The Third Reich
Nazi Propaganda



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  • 1936


This is cover for the concluding Olympic Edition of Berlin's largest Newspaper, the Berlin Illustrated. The caption at the bottom reads:

Final Report in Word and Text:
The Sixteen Days of the Olympic Games

The cover is of course adapted from Ludwig Hohlwein's poster for the games, and shows a blonde athlete being crowned by an equally blonde young woman.

In addition to the surprising German dominance at the games, the whole spectacle had been a powerful propaganda coup.

While most countries were wallowing still in the Depression, visitors to Berlin found a country dynamically vigorous, orderly, and spruced up beyond all expectations. Many visitors arrived expecting to find Germans living in terror and cowed into obedience. This had been the tenor of western newspaper accounts for the past 18 or so months.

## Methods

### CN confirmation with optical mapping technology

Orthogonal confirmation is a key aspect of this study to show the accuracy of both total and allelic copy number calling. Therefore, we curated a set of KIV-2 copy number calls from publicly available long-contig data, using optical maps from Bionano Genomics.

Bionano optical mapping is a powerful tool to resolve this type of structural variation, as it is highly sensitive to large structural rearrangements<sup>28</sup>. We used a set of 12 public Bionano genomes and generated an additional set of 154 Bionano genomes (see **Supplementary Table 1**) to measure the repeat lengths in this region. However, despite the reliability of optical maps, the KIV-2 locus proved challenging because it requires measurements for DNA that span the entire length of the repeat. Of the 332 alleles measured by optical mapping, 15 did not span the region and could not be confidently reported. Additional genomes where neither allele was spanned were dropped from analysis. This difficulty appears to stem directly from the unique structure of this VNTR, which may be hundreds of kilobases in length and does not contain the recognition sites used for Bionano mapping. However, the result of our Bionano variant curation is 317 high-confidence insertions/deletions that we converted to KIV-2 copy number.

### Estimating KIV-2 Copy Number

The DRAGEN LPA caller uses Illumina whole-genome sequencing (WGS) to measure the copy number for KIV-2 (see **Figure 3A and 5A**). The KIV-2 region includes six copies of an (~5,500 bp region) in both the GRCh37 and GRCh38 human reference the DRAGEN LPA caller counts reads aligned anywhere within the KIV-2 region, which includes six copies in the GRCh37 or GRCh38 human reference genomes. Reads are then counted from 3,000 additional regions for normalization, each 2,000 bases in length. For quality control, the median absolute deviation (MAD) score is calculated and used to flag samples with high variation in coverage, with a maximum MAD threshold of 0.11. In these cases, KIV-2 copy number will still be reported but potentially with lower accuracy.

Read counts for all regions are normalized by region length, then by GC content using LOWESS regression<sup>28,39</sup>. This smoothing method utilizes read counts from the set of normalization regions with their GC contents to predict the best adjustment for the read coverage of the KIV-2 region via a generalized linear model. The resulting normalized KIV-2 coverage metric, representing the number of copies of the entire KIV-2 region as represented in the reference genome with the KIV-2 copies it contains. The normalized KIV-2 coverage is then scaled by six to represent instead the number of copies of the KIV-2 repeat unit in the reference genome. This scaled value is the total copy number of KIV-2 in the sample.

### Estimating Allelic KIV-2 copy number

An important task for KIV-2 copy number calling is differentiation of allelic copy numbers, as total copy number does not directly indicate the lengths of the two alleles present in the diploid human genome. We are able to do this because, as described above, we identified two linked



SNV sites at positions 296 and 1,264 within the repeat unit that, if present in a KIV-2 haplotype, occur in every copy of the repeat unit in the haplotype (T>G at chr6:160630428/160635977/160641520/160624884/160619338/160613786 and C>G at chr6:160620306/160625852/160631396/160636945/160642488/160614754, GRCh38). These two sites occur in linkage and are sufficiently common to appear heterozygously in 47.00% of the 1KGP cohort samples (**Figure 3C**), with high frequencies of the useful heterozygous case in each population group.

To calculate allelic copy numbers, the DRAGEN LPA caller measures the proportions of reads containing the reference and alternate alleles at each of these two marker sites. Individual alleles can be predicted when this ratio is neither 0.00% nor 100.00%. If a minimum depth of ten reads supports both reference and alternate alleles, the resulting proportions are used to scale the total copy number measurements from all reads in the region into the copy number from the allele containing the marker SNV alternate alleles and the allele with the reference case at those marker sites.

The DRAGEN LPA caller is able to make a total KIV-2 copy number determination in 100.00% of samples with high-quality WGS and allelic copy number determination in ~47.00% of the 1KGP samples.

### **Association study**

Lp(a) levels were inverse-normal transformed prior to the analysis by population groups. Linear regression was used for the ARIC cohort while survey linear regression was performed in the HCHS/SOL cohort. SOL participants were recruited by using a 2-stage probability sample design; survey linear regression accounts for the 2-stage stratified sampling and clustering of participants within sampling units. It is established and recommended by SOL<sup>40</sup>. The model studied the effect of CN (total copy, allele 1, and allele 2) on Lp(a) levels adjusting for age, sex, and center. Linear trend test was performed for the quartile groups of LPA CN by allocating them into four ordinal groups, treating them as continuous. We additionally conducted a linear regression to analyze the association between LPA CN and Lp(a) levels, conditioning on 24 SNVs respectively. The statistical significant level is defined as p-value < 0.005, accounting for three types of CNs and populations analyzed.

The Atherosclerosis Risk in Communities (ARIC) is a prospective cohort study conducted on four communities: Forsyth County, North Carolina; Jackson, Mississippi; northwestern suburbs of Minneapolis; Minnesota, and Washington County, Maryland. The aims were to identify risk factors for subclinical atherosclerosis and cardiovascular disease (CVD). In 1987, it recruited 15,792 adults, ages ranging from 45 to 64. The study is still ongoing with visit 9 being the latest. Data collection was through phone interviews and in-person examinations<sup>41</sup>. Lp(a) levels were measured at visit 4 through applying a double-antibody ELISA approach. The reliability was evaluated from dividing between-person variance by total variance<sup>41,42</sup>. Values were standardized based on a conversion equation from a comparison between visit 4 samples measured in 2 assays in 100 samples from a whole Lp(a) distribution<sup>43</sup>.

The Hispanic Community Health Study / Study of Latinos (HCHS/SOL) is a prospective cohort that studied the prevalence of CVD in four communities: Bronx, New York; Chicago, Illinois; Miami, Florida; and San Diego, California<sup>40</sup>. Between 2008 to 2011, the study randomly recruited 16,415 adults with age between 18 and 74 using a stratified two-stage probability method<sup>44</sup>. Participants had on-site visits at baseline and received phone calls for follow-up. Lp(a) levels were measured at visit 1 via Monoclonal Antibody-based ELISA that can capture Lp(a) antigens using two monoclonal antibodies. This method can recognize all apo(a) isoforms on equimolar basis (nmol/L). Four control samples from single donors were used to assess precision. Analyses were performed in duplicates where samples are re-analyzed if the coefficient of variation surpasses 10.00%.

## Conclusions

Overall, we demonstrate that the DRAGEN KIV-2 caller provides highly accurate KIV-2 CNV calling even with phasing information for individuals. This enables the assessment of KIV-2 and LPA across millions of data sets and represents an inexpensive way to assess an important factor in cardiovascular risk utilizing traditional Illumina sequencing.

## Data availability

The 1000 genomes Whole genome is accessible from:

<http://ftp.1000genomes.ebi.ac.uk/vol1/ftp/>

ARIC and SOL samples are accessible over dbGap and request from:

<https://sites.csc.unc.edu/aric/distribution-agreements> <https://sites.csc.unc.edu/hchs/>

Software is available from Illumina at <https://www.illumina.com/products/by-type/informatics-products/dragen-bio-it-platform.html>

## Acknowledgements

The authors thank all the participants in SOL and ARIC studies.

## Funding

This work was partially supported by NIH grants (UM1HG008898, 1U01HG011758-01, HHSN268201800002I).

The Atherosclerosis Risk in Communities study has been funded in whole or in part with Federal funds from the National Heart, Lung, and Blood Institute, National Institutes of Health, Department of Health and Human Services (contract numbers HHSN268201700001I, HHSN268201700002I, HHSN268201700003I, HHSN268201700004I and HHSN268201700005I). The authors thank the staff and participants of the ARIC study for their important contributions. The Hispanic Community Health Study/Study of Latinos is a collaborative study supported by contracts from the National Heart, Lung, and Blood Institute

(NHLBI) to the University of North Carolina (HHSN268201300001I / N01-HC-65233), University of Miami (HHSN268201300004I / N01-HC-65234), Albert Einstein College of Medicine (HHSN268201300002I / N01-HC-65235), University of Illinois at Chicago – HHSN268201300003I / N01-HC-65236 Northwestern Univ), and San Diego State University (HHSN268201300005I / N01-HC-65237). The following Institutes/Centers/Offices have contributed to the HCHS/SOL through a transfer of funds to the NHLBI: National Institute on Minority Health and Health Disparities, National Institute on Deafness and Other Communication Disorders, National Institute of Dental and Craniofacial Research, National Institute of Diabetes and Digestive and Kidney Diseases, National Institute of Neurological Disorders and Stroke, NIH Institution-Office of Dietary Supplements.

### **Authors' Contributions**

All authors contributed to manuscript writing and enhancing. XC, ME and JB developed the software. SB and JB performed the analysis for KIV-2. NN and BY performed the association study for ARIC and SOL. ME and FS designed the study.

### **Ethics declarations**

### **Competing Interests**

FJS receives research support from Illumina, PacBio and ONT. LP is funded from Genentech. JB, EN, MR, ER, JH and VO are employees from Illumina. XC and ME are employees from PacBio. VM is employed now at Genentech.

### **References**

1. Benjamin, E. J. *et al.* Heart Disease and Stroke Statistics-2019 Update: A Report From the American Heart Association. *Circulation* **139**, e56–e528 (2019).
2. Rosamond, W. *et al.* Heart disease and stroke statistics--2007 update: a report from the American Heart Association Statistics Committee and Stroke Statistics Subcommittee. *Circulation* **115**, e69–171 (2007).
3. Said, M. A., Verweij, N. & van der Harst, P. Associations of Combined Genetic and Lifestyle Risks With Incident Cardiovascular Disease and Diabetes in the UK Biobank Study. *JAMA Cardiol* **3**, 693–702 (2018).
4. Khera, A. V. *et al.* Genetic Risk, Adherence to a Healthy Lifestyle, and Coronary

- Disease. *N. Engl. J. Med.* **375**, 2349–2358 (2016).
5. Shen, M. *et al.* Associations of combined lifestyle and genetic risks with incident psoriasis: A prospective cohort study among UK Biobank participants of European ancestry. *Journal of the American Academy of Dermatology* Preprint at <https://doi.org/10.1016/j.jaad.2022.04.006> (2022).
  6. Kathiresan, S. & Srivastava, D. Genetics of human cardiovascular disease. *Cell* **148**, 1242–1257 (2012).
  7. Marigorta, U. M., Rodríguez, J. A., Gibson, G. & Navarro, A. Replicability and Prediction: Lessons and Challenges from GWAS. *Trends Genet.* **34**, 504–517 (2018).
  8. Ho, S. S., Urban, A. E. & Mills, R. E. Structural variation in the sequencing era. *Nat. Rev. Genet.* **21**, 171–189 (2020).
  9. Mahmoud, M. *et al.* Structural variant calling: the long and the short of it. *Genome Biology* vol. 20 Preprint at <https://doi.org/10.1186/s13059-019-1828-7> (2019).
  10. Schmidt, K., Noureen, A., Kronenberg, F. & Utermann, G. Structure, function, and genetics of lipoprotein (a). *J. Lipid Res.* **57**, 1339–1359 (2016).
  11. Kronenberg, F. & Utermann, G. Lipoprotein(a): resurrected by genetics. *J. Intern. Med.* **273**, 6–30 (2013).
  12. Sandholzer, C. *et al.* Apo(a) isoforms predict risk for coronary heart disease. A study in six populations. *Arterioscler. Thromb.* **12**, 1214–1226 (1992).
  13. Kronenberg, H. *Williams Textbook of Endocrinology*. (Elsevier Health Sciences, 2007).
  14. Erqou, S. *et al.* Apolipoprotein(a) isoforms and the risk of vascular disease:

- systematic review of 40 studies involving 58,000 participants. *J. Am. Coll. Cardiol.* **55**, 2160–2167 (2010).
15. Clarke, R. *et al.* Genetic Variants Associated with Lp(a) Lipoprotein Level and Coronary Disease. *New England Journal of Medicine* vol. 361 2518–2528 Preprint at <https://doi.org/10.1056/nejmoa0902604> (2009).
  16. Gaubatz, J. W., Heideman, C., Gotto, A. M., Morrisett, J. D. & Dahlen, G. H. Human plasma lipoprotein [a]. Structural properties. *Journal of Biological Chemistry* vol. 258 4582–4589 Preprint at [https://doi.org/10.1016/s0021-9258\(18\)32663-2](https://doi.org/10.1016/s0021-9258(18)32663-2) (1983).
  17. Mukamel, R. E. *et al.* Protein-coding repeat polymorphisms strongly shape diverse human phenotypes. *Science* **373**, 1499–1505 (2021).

Instead, they found a nation of enthusiasts. The complicated arrangements went off without a hitch, and for the first time in Olympic history, the head of state was present at almost every major event. There were an immense number of receptions, and anyone who had the least bit of pull could get into one of these, with the opportunity of seeing Hitler and other prominant Nazis "up close."

Thousands of visitors went away praising the new Germany and especially its leader. For a country that had only six months before been pictured in the world press as dangerous and war-hungry, the games represented a complete turn-about.

Goebbels was later to say that the Olympic Games were the most precious kind of propaganda imaginable.

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